Gujarat and the game of change

Unlike elsewhere, the State’s youth favour modern schemes, progress and qualitative development in society and economy over casteism

India’s ancient wisdom lay in distributing duties to Brahma, Vishnu and Mahesh (the Creator, the Preserver and the Destroyer), when necessary. No single deity can handle everything, no matter how powerful or versatile He is. But our people expect one Minister or Chief Minister to win elections, run the Government, supervise Ministers, keep a tab over all MLAs and then win the elections again. In Gujarat’s case, the Chief Minister was not credited with winning the 2017 poll. It was won on the strength of PM Modi’s popularity. It is an old belief that once elected, the Chief Minister should carry on until the next poll, normally five years. Even American Presidents occasionally break their firm four-year term.

There is a firm impression among the political class that it was Bhupendrabhai, whose small company built the Sabarmati River Front which helped boost the beauty of Ahmedabad. The other impression is that he also constructed Ahmedabad’s Bus Rapid Transit System, which is running successfully unlike other cities where such a scheme did not take off. Since these achievements, Bhupendrabhai has been on the BJP’s mind which likes modern schemes delivered in perfection and on time. He is a Kadva Patel, not a Leuva. They are supposed to have descended from Rama’s sons Lav and Kush; hence their names begin with ‘L’ and ‘K’.

Another unnoticed factor is opportunity. Most MLAs, 182 in Gujarat, contest elections in the hope of becoming Ministers if they win, provided they belong to the winning party. Those who don’t, generally have to shelve their hope unless and until there is floor crossing on a big scale. If the party with a majority has, say, 100 seats, 25 might get a portfolio each. What about the remaining 75? They don’t have much opportunity of self-promotion except the odd MLA who might rise by chance. It is, therefore, appropriate that the party in power should make changes as the Government moves along. Not all Ministers are efficient and, therefore, need to be replaced.

True, in the peculiar Indian situation, most parties need to replace an OBC with an equally representative OBC. The quality of his/her work is then usually sidelined. However, times are changing; today’s youth do not give priority to caste as their fathers or grandfathers did. These youth want to get on in life. There is only a limited chance of this happening if the society or economy does not get on. That means qualitative development and quantitative growth of professions. They realise that they cannot expect development when the country’s politics is hamstrung by caste. If politics does not change, society would be all politics, no progressive economy and a static society — a recipe for misery. In short, if the leader of the party trying to win an election cannot inspire development and only a status quo, the other party might win by default.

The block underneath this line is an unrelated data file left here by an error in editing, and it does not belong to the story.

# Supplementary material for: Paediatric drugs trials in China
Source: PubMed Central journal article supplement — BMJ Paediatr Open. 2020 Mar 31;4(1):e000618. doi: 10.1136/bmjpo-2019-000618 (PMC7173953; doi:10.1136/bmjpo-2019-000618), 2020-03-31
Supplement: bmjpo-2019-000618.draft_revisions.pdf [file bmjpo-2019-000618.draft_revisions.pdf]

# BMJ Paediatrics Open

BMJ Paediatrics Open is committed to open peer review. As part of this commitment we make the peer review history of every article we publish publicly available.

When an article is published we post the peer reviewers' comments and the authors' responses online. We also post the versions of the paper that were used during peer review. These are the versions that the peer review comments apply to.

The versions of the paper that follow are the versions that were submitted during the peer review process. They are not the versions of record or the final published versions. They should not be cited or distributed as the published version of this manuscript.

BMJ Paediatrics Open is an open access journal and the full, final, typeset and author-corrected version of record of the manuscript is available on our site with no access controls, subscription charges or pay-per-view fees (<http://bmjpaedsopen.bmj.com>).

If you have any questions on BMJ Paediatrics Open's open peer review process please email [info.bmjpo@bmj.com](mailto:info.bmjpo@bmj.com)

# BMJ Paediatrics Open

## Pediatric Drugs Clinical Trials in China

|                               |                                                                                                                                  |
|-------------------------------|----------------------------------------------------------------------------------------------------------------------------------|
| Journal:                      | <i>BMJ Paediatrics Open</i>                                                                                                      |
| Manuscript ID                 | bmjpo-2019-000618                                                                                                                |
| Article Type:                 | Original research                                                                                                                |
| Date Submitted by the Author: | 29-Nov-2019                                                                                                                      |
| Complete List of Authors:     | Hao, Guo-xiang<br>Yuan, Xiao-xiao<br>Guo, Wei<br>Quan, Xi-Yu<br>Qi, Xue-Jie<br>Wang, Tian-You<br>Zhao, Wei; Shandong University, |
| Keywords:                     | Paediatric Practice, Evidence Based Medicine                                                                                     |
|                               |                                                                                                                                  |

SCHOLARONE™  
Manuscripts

It is notable that Gujarat has not digested a third party — there are only the Congress and the BJP. All those who tried to be a third force have failed. The last to experiment with a third party was Keshubhai Patel, Gujarat’s former (now deceased) Chief Minister. However, the only one elected from this new party was Keshubhai himself. In the upcoming Assembly poll, there will be three parties contesting. Apart from the BJP and the Congress, the Aam Aadmi Party (AAP) will also contest. The triangular contest should make things easier for the BJP.

Gujarat is one State where economics subordinates politics. But the Congress, especially when Madhavsihnbhai Solanki was the CM, escalated casteism to extraordinary heights, a strategy borrowed from UP and Bihar, but spelt the Congress’ decline in Gujarat. The party for a few elections fought on a combination of castes called KHAM or Kshatriyas, Harijans, Adivasis and Muslims. The other mistake the Congress made was its socialism which clashes with the Gujarati psyche. He is sold on business and free enterprise. The Congress remained in power for years only because there was none other.

Remarkably, Gujarat’s tallest leaders have devoted themselves to the service of the country rather than confine themselves to their State. Swami Dayanand Saraswati founded the Arya Samaj movement as well as revived the Vedic practice of shuddhi or return to Hinduism voluntarily. Gandhi was never a State leader although he had the Kochrab Ashram in Ahmedabad. Sardar Patel worked for India phenomenally and unified the country following Independence. Two-fifths of it comprised princely States and not British India. Now we have PM Modi, about whom volumes have been written and will continue to be written.

But the change of guard in Gujarat, as in Assam a few months ago, does demonstrate that the BJP does not shy away from making decisions for upgrading the polity. In pursuit of this goal, the party is least hesitant to replace incumbents. In complete contrast stands the Congress, which has been reduced to a family business, where only fawning courtiers are tolerated. The recent resignation of Captain Amarinder Singh, barely four months away from Assembly elections, says it all. His humiliation at the hands of newcomers bespeaks volumes of how a once grand party now lives on a glory that has long vanished.

(The writer is a well-known columnist, an author and a former member of the Rajya Sabha. The views expressed are personal.)

Source: PTI